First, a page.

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So here is a pic a friend of mine took from the same spot a few days earlier.

The next morning brought more stunning scenery into focus as the clinging mist released it’s grasp on the jungle and the tepuys returned in all their glory. As did the cramping as we found ourselves once again contorted into the canoes like chinese acrobats. The entire trip had felt like a genuine expedition into the unknown. There are no roads here, no electricity, no services, no trace of modernity what so ever. We took small wooden canoes through an ancient looking landscape to the base of a jungle waterfall, and camped in the forest, sleeping on swinging hammocks. OK maybe not sleeping.

And the best part? We got to fly back in that awesome little plane! My australian friend put himself forward as co-pilot this time. He probably felt more qualified to fly the plane then the actual pilot, I’m just thankful he didn’t. I loaded my backpack into the trunk (yes it was just like a trunk in a car) and soon we had wobbled our way back up into the skies. Ever since I watched Arachnophobia as a kid I promised myself never to visit Venezuela. But kids are stupid. This country is more than worth the risk of being eaten alive by a venomous spider and having your desiccated body shipped back home in a box. A bit of a nasty surprise for your family maybe, like when you open a bag of bananas from Tesco and there is a nest of bird eating spiders inside.

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Adventure really is out there.

After bathing my feet, my knee and every other body part still attached to me I took the bus north to Venezuela’s infamous capital Caracas. This city is well known as one of the world’s “murder capitals”. I’d only be spending one night there, my plan being to take the bus into Colombia. However it only takes one night to get murdered so I was on my guard. In short Caracas wasn’t as bad as I was led to believe. Sure I found myself alone in a market place in a dodgy part of town looking for the bus station, where people looked like they’d rather stab me than talk to me, but it was grand. As someone once told me “If you find yourself going through hell – keep going”. Maybe that’s a bit extreme, but instead of showing fear when you enter into a certain area and immediately realising you’ve made a huge mistake, the trick is to appear confident and in control. Make yourself less of a target. So I found myself strutting around Caracas in the dead of night with all the self assured-ness of a coked-up Mick Jagger.

I told my hostel host where I’d been and his face grew ashen. “You really shouldn’t be alive”. Just how I roll.

Despite what I’d read on the internet the buses which go direct from Caracas to Cartagena, Colombia are seasonal. The next one was a few months away. I’d probably get there quicker by walking. My only option was to take the night bus from Caracas to Maracaibo, and from there switch to the local mini bus to the Colombian border. The initial stage of the journey went smooth enough. The next morning at Maracaibo I was mobbed by hustlers as soon as I stepped off the bus. Eventually I was herded into one of the local buses heading towards Colombia, and that’s when the fun began. We started by filling with up with gas, and almost leaving an old man behind in the toilets. Then came the checkpoints. This route is a notorious contraband highway, and the short distance between Maracaibo and the border was filled with nine military checkpoints. Nine. I counted them. I always knew a checkpoint was coming up as the designated briber on the bus passed the hat around to get “donations”. Usually in a situation like this the best thing to do is to follow the locals lead, so I threw in some money too. It obviously didn’t work. At each checkpoint some guys were hauled off the bus, never to be seen again, and we just continued on our merry way as if nothing ever happened. I was concerned I’d be in for some rough treatment being a foreigner, but they showed no interest in me whatsoever. They were out for the locals.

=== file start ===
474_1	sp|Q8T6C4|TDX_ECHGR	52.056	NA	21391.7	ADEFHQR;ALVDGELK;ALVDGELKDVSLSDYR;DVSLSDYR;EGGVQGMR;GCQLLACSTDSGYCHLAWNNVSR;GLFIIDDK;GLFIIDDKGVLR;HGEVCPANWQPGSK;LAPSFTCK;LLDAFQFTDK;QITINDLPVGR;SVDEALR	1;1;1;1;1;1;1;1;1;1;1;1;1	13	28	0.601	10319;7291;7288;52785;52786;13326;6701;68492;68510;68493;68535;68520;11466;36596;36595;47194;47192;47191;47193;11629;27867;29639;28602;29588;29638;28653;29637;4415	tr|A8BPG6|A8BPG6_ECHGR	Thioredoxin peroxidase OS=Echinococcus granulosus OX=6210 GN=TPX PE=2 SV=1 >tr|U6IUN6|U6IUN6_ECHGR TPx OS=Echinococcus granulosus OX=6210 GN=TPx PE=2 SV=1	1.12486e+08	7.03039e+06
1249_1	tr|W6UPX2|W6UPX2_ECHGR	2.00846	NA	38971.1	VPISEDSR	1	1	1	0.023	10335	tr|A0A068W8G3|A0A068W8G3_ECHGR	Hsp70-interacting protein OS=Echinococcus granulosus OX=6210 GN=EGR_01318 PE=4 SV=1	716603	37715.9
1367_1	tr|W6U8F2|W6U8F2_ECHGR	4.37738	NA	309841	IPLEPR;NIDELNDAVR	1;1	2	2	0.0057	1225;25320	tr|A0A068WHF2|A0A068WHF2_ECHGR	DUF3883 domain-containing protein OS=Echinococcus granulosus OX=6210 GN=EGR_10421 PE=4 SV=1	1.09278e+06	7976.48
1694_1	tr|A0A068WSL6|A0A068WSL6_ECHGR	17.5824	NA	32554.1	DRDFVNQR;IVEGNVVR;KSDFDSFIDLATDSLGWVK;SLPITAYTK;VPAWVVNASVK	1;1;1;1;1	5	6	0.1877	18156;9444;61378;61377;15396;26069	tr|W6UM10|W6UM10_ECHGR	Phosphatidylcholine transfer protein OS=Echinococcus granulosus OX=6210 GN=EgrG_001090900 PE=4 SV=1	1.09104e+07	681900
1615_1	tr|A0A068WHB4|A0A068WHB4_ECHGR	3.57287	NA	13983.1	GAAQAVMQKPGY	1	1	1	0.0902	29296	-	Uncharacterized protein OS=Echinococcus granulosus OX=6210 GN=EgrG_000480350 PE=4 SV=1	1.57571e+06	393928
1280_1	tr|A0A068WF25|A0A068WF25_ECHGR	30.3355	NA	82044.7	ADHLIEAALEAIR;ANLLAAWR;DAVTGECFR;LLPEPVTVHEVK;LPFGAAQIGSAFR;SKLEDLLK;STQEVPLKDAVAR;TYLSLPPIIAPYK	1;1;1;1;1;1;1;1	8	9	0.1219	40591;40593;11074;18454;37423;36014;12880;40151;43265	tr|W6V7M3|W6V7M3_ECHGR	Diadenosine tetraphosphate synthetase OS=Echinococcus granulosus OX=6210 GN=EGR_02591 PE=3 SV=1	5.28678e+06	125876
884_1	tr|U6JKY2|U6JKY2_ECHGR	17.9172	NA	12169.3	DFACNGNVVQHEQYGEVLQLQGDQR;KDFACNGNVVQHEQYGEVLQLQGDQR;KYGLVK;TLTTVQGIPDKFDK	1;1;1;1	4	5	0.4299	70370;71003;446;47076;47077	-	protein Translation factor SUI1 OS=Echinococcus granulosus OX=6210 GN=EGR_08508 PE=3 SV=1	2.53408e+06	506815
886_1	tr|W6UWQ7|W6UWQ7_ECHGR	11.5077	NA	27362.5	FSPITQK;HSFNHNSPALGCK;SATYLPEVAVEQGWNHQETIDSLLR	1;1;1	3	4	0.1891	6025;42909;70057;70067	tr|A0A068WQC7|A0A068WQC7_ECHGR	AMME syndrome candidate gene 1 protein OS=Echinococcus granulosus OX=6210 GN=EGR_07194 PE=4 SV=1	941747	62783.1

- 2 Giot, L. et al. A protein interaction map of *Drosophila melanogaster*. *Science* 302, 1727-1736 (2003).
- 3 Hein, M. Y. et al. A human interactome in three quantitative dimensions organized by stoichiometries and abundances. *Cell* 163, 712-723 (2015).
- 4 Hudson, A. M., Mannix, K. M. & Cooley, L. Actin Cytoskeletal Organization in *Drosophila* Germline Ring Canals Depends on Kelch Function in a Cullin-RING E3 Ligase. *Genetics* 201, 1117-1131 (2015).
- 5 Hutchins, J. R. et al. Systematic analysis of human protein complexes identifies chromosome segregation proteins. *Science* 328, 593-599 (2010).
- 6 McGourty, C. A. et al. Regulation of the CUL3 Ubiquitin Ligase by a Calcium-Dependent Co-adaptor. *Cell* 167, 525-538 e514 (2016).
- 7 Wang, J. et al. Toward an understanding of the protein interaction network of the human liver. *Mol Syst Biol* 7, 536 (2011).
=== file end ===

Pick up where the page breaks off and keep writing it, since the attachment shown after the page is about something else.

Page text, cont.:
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Jungle rivers and cloud kissed plateaus. Nature when it’s putting out.

After a few hours of navigating the dusty roads, and the checkpoints – most of the time probably spent handing over money to mustached guys in uniforms – we eventually reached the Colombian border. I breathed a sigh of relief. It was my first time surviving an A-Team movie. Yep, it’d be plain sailing from here.

“Where are you going from here?” one of my bus friends asked. “Cartagena” I replied. “Word of advice” she continued “when you get to the bus station on the other side of the border, don’t leave it under any circumstance. Even if you have to spend the night inside do not leave. It’s the most dangerous town in Colombia”. I think the town she was referring to was Maicao. I’m not entirely sure where I was at this stage as I was looking over my shoulder so often. Sure enough when I got to the Maicao bus station I made a B-line for the ticket booth. “The next bus to Cartagena leaves in 10 minutes”. Music to my ears. Looks like I wouldn’t be spending the night in one of South America’s most dangerous frontier towns after all. I’d spent the entire bus ride practicing my hard man face, but the illusion is ruined when it’s obvious you’ve pissed yourself.

Next time: A late night arrival in probably the most beautiful city in South America. I hijack a pirate ship, and I meet an Irish person who gives out to me for being Irish.